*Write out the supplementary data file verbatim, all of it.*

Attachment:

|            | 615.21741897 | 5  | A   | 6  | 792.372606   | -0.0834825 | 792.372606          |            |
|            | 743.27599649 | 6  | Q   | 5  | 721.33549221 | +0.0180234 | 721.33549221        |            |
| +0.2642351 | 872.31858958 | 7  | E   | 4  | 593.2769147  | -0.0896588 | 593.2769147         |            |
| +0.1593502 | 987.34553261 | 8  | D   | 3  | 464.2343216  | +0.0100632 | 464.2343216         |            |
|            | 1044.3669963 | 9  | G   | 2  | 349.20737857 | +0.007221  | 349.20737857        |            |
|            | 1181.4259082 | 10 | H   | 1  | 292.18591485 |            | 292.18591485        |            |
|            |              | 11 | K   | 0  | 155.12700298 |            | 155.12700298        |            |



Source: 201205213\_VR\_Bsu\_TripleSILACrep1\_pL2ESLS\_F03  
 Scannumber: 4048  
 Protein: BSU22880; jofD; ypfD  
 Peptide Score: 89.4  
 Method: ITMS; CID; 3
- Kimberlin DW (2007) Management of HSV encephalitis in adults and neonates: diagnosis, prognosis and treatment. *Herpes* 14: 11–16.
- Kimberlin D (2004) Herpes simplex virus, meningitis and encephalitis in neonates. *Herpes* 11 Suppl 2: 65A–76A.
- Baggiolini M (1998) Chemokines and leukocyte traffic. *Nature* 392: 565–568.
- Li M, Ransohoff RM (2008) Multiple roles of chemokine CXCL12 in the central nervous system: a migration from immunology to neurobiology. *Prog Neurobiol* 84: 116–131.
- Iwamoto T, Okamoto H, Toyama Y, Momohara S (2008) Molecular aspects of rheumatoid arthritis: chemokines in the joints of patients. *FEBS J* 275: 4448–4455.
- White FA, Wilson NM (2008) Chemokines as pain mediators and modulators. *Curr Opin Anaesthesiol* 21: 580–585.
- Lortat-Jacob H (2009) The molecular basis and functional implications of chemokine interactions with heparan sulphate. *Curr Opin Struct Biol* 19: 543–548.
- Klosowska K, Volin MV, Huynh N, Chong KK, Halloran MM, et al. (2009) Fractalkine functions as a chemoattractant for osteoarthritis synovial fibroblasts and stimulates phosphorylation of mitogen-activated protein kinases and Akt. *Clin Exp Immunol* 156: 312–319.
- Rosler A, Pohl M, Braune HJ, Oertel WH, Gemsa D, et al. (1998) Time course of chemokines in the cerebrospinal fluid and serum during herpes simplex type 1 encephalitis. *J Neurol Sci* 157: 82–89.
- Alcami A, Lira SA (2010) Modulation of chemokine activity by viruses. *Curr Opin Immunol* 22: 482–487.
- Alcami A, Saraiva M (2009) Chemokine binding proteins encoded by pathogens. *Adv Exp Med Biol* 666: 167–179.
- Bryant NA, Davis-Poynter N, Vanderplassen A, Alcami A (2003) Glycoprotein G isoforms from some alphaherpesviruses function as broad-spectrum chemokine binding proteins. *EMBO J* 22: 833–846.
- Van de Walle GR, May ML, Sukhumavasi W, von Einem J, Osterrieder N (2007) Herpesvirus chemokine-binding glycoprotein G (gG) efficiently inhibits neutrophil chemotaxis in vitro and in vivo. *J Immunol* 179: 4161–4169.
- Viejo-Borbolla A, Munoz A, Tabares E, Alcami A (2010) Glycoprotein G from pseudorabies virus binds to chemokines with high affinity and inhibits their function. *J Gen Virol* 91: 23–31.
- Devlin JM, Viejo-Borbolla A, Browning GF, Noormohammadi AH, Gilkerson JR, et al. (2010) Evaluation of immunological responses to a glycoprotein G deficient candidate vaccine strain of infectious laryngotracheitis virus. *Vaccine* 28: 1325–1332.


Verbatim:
|            | 615.21741897 | 5  | A   | 6  | 792.372606   | -0.0834825 | 792.372606          |            |
|            | 743.27599649 | 6  | Q   | 5  | 721.33549221 | +0.0180234 | 721.33549221        |            |
| +0.2642351 | 872.31858958 | 7  | E   | 4  | 593.2769147  | -0.0896588 | 593.2769147         |            |
| +0.1593502 | 987.34553261 | 8  | D   | 3  | 464.2343216  | +0.0100632 | 464.2343216         |            |
|            | 1044.3669963 | 9  | G   | 2  | 349.20737857 | +0.007221  | 349.20737857        |            |
|            | 1181.4259082 | 10 | H   | 1  | 292.18591485 |            | 292.18591485        |            |
|            |              | 11 | K   | 0  | 155.12700298 |            | 155.12700298        |            |



Source: 201205213\_VR\_Bsu\_TripleSILACrep1\_pL2ESLS\_F03  
 Scannumber: 4048  
 Protein: BSU22880; jofD; ypfD  
 Peptide Score: 89.4  
 Method: ITMS; CID; 3
- Kimberlin DW (2007) Management of HSV encephalitis in adults and neonates: diagnosis, prognosis and treatment. *Herpes* 14: 11–16.
- Kimberlin D (2004) Herpes simplex virus, meningitis and encephalitis in neonates. *Herpes* 11 Suppl 2: 65A–76A.
- Baggiolini M (1998) Chemokines and leukocyte traffic. *Nature* 392: 565–568.
- Li M, Ransohoff RM (2008) Multiple roles of chemokine CXCL12 in the central nervous system: a migration from immunology to neurobiology. *Prog Neurobiol* 84: 116–131.
- Iwamoto T, Okamoto H, Toyama Y, Momohara S (2008) Molecular aspects of rheumatoid arthritis: chemokines in the joints of patients. *FEBS J* 275: 4448–4455.
- White FA, Wilson NM (2008) Chemokines as pain mediators and modulators. *Curr Opin Anaesthesiol* 21: 580–585.
- Lortat-Jacob H (2009) The molecular basis and functional implications of chemokine interactions with heparan sulphate. *Curr Opin Struct Biol* 19: 543–548.
- Klosowska K, Volin MV, Huynh N, Chong KK, Halloran MM, et al. (2009) Fractalkine functions as a chemoattractant for osteoarthritis synovial fibroblasts and stimulates phosphorylation of mitogen-activated protein kinases and Akt. *Clin Exp Immunol* 156: 312–319.
- Rosler A, Pohl M, Braune HJ, Oertel WH, Gemsa D, et al. (1998) Time course of chemokines in the cerebrospinal fluid and serum during herpes simplex type 1 encephalitis. *J Neurol Sci* 157: 82–89.
- Alcami A, Lira SA (2010) Modulation of chemokine activity by viruses. *Curr Opin Immunol* 22: 482–487.
- Alcami A, Saraiva M (2009) Chemokine binding proteins encoded by pathogens. *Adv Exp Med Biol* 666: 167–179.
- Bryant NA, Davis-Poynter N, Vanderplassen A, Alcami A (2003) Glycoprotein G isoforms from some alphaherpesviruses function as broad-spectrum chemokine binding proteins. *EMBO J* 22: 833–846.
- Van de Walle GR, May ML, Sukhumavasi W, von Einem J, Osterrieder N (2007) Herpesvirus chemokine-binding glycoprotein G (gG) efficiently inhibits neutrophil chemotaxis in vitro and in vivo. *J Immunol* 179: 4161–4169.
- Viejo-Borbolla A, Munoz A, Tabares E, Alcami A (2010) Glycoprotein G from pseudorabies virus binds to chemokines with high affinity and inhibits their function. *J Gen Virol* 91: 23–31.
- Devlin JM, Viejo-Borbolla A, Browning GF, Noormohammadi AH, Gilkerson JR, et al. (2010) Evaluation of immunological responses to a glycoprotein G deficient candidate vaccine strain of infectious laryngotracheitis virus. *Vaccine* 28: 1325–1332.